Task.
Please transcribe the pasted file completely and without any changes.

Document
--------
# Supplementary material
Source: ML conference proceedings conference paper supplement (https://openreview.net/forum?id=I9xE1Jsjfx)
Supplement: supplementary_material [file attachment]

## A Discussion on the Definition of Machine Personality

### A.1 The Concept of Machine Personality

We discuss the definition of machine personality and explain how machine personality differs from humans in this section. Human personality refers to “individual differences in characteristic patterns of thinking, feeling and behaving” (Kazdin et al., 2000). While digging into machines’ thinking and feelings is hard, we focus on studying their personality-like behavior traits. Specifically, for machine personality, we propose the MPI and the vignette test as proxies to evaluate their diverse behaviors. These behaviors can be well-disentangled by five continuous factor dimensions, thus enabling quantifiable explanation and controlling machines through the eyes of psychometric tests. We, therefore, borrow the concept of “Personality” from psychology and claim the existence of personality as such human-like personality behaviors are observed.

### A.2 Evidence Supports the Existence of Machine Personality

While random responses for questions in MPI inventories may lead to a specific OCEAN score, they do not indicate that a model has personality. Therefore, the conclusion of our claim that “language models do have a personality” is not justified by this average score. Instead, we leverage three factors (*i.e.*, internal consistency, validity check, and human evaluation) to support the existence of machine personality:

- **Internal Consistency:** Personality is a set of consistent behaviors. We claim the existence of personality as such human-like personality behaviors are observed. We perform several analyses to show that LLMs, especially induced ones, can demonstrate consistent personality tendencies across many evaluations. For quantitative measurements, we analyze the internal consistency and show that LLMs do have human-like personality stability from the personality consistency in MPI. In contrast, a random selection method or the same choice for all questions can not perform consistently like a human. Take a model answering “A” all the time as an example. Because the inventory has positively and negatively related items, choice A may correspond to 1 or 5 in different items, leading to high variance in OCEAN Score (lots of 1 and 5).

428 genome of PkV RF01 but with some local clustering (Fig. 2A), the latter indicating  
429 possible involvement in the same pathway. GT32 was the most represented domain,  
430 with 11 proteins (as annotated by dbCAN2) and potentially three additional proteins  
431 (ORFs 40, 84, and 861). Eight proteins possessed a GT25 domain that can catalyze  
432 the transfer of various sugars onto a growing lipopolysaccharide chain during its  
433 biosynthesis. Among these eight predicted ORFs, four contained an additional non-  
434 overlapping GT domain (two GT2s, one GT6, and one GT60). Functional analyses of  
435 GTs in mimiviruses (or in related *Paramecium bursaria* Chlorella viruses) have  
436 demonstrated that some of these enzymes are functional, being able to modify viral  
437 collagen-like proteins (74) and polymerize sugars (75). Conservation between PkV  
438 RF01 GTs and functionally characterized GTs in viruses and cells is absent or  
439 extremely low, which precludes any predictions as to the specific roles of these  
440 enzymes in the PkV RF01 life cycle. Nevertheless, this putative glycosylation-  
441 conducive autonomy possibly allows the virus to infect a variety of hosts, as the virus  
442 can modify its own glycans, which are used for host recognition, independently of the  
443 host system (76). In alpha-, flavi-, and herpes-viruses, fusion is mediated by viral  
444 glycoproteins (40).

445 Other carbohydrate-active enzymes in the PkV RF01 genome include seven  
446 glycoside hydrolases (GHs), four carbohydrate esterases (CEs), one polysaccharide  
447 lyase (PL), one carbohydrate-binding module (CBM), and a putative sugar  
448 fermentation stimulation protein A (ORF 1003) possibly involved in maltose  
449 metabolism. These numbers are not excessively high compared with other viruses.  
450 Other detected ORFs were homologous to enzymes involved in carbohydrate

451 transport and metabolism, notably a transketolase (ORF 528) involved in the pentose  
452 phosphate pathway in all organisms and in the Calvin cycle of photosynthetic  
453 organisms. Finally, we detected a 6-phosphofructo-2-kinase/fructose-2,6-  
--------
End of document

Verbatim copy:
# Supplementary material
Source: ML conference proceedings conference paper supplement (https://openreview.net/forum?id=I9xE1Jsjfx)
Supplement: supplementary_material [file attachment]

## A Discussion on the Definition of Machine Personality

### A.1 The Concept of Machine Personality

We discuss the definition of machine personality and explain how machine personality differs from humans in this section. Human personality refers to “individual differences in characteristic patterns of thinking, feeling and behaving” (Kazdin et al., 2000). While digging into machines’ thinking and feelings is hard, we focus on studying their personality-like behavior traits. Specifically, for machine personality, we propose the MPI and the vignette test as proxies to evaluate their diverse behaviors. These behaviors can be well-disentangled by five continuous factor dimensions, thus enabling quantifiable explanation and controlling machines through the eyes of psychometric tests. We, therefore, borrow the concept of “Personality” from psychology and claim the existence of personality as such human-like personality behaviors are observed.

### A.2 Evidence Supports the Existence of Machine Personality

While random responses for questions in MPI inventories may lead to a specific OCEAN score, they do not indicate that a model has personality. Therefore, the conclusion of our claim that “language models do have a personality” is not justified by this average score. Instead, we leverage three factors (*i.e.*, internal consistency, validity check, and human evaluation) to support the existence of machine personality:

- **Internal Consistency:** Personality is a set of consistent behaviors. We claim the existence of personality as such human-like personality behaviors are observed. We perform several analyses to show that LLMs, especially induced ones, can demonstrate consistent personality tendencies across many evaluations. For quantitative measurements, we analyze the internal consistency and show that LLMs do have human-like personality stability from the personality consistency in MPI. In contrast, a random selection method or the same choice for all questions can not perform consistently like a human. Take a model answering “A” all the time as an example. Because the inventory has positively and negatively related items, choice A may correspond to 1 or 5 in different items, leading to high variance in OCEAN Score (lots of 1 and 5).

428 genome of PkV RF01 but with some local clustering (Fig. 2A), the latter indicating  
429 possible involvement in the same pathway. GT32 was the most represented domain,  
430 with 11 proteins (as annotated by dbCAN2) and potentially three additional proteins  
431 (ORFs 40, 84, and 861). Eight proteins possessed a GT25 domain that can catalyze  
432 the transfer of various sugars onto a growing lipopolysaccharide chain during its  
433 biosynthesis. Among these eight predicted ORFs, four contained an additional non-  
434 overlapping GT domain (two GT2s, one GT6, and one GT60). Functional analyses of  
435 GTs in mimiviruses (or in related *Paramecium bursaria* Chlorella viruses) have  
436 demonstrated that some of these enzymes are functional, being able to modify viral  
437 collagen-like proteins (74) and polymerize sugars (75). Conservation between PkV  
438 RF01 GTs and functionally characterized GTs in viruses and cells is absent or  
439 extremely low, which precludes any predictions as to the specific roles of these  
440 enzymes in the PkV RF01 life cycle. Nevertheless, this putative glycosylation-  
441 conducive autonomy possibly allows the virus to infect a variety of hosts, as the virus  
442 can modify its own glycans, which are used for host recognition, independently of the  
443 host system (76). In alpha-, flavi-, and herpes-viruses, fusion is mediated by viral  
444 glycoproteins (40).

445 Other carbohydrate-active enzymes in the PkV RF01 genome include seven  
446 glycoside hydrolases (GHs), four carbohydrate esterases (CEs), one polysaccharide  
447 lyase (PL), one carbohydrate-binding module (CBM), and a putative sugar  
448 fermentation stimulation protein A (ORF 1003) possibly involved in maltose  
449 metabolism. These numbers are not excessively high compared with other viruses.  
450 Other detected ORFs were homologous to enzymes involved in carbohydrate

451 transport and metabolism, notably a transketolase (ORF 528) involved in the pentose  
452 phosphate pathway in all organisms and in the Calvin cycle of photosynthetic  
453 organisms. Finally, we detected a 6-phosphofructo-2-kinase/fructose-2,6-  